San Francisco General Hospital Turns Away Private-Pay Patients, Citing ‘Safety-Net’ Mission, Finances
While "scrambling" for an "infusion" of city money to "stave off service cuts," San Francisco General Hospital has stopped treating patients with private insurance in order to return to its "core mission" of caring for the indigent, the San Francisco Chronicle reports. In a "controversial and seemingly paradoxical policy" supported by San Francisco Department of Public Health Director Dr. Mitch Katz, San Francisco General is "encouraging" private-pay patients to seek care elsewhere so that the hospital can serve "exclusively as a safety net" for the poor and uninsured. Katz's position is based on the "economic fact" that, given declining reimbursements, privately insured patients cost more to treat than their insurers are willing to pay. Therefore, according to the Chronicle, instead of spending money to process private insurance claims, the hospital is turning away privately insured and even Medicare patients. In addition, the Chronicle reports that Katz is also "fend[ing] off" efforts to purchase new equipment and amenities, which would "attract paying patients." Katz said, "[W]ith decreases in Medicare, Medi-Cal and from private payers, hospitals are not making their expenses. We're no different ... but our obligation is to take care of poor people."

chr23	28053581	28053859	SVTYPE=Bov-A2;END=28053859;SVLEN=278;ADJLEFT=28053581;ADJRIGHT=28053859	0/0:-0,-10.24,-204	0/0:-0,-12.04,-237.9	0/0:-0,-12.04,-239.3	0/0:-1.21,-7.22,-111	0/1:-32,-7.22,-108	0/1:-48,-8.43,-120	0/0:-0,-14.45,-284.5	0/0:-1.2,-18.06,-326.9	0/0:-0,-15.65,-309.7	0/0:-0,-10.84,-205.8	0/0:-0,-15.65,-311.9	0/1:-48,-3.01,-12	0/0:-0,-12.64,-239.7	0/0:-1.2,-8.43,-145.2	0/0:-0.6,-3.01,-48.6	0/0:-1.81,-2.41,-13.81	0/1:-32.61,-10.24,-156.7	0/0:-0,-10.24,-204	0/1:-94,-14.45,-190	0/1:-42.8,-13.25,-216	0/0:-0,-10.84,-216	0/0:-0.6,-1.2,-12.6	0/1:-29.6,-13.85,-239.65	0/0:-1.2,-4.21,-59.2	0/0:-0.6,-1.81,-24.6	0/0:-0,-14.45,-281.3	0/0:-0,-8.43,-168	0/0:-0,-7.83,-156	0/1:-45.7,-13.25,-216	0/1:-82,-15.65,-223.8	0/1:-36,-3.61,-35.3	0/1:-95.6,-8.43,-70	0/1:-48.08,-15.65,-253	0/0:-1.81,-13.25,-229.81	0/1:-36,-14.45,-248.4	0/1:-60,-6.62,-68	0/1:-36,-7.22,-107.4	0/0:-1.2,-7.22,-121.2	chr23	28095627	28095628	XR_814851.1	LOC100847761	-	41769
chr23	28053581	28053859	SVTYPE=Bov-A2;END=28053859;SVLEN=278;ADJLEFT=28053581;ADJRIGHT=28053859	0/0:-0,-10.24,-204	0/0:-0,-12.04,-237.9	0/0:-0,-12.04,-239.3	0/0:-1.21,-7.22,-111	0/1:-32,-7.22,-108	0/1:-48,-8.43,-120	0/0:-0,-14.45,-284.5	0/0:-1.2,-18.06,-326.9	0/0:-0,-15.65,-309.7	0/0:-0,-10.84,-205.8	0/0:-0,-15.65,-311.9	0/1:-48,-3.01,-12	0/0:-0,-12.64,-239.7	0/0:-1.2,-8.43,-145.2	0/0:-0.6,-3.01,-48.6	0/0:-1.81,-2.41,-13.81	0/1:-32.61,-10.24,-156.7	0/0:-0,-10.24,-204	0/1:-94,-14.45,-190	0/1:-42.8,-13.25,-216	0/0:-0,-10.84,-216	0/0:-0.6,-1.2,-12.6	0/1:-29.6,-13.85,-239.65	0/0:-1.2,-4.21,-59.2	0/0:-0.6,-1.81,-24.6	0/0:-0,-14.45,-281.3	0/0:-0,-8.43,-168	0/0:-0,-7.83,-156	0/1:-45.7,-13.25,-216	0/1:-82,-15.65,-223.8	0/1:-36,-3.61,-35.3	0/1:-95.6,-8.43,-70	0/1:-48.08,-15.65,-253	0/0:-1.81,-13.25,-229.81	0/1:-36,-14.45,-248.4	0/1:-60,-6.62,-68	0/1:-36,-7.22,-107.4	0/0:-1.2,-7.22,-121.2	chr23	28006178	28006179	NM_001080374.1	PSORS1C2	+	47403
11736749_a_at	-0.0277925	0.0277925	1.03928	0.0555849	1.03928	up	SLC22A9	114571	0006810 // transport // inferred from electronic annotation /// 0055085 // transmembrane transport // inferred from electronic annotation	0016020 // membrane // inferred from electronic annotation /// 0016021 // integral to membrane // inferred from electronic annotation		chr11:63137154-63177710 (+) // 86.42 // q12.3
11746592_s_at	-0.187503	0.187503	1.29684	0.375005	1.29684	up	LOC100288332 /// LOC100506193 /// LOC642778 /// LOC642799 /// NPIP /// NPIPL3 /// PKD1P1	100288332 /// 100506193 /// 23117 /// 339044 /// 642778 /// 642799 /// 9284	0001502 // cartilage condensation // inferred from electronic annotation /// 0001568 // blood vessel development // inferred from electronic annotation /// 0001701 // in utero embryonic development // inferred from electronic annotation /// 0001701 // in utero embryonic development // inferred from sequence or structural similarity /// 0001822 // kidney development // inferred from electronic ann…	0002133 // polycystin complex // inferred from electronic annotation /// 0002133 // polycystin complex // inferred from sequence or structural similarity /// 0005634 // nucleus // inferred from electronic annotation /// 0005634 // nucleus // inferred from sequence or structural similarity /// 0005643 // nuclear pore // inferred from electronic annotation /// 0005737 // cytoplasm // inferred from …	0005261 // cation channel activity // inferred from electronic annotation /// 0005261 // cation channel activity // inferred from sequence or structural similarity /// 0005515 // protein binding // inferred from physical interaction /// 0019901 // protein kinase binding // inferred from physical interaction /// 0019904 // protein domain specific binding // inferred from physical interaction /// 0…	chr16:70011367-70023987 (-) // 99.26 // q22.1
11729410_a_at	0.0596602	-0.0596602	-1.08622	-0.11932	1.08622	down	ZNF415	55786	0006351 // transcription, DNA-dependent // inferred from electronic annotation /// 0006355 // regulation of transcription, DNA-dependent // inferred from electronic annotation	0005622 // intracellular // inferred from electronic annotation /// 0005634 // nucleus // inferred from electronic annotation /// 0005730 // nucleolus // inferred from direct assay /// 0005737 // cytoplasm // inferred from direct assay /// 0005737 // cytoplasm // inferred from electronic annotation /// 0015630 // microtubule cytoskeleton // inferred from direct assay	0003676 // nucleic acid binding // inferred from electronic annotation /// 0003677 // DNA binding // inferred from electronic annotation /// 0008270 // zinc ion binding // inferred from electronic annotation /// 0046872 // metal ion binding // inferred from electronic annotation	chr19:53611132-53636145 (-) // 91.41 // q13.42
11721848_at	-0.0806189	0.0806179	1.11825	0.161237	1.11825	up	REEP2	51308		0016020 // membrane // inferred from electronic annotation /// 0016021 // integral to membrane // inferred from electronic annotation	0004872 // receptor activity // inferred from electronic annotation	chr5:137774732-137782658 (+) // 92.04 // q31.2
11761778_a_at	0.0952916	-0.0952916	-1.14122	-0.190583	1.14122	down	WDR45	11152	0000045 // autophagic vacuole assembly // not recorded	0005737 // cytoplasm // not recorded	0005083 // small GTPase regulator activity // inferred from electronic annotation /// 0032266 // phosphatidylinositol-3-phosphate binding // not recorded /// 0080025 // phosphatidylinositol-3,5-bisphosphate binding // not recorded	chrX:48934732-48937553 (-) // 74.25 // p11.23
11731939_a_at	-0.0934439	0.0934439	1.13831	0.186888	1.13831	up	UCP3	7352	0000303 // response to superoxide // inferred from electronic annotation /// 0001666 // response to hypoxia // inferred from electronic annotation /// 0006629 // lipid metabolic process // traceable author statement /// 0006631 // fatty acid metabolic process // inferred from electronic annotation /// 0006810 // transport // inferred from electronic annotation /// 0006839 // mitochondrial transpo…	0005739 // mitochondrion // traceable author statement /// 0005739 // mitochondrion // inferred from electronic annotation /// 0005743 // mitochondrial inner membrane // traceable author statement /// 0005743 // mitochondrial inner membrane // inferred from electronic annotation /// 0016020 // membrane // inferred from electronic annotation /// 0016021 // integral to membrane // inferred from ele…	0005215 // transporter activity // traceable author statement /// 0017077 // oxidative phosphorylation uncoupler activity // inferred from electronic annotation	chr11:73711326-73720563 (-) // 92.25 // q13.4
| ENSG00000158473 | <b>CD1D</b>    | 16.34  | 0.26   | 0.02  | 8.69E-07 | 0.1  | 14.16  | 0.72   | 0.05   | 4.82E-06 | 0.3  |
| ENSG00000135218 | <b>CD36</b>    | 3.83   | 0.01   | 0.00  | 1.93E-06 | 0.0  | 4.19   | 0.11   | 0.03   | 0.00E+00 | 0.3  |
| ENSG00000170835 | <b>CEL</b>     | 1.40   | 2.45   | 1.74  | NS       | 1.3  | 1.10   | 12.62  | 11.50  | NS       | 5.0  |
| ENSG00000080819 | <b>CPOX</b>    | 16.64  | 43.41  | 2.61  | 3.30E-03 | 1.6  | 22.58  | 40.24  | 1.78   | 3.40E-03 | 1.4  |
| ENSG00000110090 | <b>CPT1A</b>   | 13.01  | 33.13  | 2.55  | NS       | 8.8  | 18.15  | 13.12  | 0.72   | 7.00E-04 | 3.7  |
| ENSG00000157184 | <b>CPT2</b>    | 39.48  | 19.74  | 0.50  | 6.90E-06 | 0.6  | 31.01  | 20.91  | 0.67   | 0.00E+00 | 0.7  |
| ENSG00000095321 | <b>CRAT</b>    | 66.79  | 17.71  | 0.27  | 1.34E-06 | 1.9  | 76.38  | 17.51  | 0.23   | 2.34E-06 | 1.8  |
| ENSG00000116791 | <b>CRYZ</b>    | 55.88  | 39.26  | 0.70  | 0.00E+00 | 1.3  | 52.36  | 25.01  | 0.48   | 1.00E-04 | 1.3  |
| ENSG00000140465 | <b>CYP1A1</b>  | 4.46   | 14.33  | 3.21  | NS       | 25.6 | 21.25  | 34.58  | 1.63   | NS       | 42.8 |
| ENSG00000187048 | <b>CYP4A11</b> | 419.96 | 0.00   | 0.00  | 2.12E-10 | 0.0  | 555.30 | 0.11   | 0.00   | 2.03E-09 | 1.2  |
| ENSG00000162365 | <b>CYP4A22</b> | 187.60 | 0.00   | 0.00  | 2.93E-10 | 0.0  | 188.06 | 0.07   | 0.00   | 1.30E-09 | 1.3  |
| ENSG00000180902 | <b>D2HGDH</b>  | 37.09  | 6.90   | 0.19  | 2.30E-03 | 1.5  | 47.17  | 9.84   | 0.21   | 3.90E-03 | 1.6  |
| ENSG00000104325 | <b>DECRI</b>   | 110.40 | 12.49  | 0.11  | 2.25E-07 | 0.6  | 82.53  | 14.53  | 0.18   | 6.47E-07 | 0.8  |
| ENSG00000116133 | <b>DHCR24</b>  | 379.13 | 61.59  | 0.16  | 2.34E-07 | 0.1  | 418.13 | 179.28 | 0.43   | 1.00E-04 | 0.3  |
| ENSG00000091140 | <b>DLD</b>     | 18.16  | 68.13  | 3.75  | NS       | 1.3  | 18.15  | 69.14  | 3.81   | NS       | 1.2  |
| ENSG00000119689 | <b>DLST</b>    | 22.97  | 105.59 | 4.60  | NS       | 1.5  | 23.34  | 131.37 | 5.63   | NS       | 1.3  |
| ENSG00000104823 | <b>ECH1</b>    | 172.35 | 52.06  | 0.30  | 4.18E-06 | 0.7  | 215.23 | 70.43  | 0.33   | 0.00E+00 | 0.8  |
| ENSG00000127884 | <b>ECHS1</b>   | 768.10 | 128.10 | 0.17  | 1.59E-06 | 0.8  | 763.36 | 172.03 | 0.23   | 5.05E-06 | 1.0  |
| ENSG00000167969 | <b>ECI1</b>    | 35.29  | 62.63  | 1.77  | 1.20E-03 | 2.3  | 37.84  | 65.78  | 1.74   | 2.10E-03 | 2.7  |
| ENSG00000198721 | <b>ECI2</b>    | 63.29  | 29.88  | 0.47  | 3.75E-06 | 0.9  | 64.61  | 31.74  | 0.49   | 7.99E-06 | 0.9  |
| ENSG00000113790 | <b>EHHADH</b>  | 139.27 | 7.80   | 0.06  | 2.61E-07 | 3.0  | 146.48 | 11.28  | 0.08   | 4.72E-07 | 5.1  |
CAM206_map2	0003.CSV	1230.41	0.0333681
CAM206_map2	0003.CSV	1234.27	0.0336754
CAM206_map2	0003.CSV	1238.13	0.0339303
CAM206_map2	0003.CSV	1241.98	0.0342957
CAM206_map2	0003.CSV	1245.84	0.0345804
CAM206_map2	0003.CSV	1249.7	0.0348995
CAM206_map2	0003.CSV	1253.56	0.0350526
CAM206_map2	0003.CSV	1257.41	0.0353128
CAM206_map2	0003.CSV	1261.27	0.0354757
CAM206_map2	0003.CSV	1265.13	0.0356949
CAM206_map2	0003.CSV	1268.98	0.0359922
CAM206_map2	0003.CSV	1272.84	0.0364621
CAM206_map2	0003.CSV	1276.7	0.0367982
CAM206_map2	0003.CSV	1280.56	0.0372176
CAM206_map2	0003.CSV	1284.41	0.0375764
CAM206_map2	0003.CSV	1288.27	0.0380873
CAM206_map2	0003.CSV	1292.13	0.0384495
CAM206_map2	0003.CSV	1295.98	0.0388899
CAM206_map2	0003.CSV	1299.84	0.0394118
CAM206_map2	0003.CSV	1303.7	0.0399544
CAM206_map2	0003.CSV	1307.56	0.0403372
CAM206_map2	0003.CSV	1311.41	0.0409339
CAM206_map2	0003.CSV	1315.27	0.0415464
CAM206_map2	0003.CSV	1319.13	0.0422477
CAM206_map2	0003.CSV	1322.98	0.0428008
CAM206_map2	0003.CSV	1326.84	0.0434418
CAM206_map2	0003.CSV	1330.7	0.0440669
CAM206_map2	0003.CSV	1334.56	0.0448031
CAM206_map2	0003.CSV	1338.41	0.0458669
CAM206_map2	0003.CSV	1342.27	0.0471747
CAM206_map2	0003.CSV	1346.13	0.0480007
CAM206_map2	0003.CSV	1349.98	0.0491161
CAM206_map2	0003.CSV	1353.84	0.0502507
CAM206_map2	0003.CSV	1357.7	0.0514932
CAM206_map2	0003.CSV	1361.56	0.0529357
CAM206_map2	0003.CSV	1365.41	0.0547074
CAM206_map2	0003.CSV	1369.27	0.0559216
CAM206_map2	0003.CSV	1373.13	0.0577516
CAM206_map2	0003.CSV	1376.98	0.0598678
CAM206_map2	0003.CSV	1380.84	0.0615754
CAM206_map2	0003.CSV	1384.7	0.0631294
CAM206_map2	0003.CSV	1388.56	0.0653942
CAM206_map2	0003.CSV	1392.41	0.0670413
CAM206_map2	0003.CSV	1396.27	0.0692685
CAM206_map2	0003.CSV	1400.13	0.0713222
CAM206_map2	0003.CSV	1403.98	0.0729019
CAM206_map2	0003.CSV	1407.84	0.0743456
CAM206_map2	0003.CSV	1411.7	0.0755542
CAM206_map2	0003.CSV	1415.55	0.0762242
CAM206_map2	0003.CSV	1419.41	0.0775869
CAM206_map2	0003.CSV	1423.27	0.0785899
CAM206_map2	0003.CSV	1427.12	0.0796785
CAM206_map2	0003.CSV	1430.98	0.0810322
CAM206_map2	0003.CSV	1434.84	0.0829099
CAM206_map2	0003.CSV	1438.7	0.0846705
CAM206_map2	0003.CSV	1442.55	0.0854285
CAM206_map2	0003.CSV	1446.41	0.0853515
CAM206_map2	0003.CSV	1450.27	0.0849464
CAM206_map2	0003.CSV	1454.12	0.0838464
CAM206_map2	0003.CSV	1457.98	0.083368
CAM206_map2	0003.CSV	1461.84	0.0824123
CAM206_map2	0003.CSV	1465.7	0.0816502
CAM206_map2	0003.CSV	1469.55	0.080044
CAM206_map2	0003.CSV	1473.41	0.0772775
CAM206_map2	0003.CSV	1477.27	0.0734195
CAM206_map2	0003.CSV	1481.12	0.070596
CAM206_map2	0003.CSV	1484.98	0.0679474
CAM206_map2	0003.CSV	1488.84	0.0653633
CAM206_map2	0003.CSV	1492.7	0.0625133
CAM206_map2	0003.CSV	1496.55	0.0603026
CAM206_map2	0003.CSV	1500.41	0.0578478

Doctors, however, say the new policy "threatens" San Francisco General's "reputation as an elite medical institution." The Chronicle reports that for years, the hospital "has attracted outstanding physicians largely on prestige alone," despite the fact that its typical provider salary is 20% below the national average and the Bay Area's "notoriously expensive housing market." Dr. Phil Hopewell, UCSF liaison to San Francisco General, said, "We are not in a position to grant pay raises. If we lose [physicians], we're not going to be able to recruit replacements." Noting that few hospitals are covering their expenses given declining reimbursements across the board, Katz said, "Doctors tell me that I am sending away dollars. But I am sending away both dollars and expenses." Katz added, "For many doctors, this year has reached a breaking point. We are skating on the edge, and we can't afford to lose people or dollars." The hospital is hoping to increase doctors' salaries with additional funding from the city; the Board of Supervisors is considering a request for $5.2 million in additional funds to raise physicians' salaries 1.5%. The hospital's current contract with the city is valued at $54 million for the next fiscal year. While the board is considering the request for additional funding, the hospital is "vying" against other programs for the estimated $8 million to $15 million the city has available (Russell, San Francisco Chronicle, 6/18).This is part of the California Healthline Daily Edition, a summary of health policy coverage from major news organizations. Sign up for an email subscription.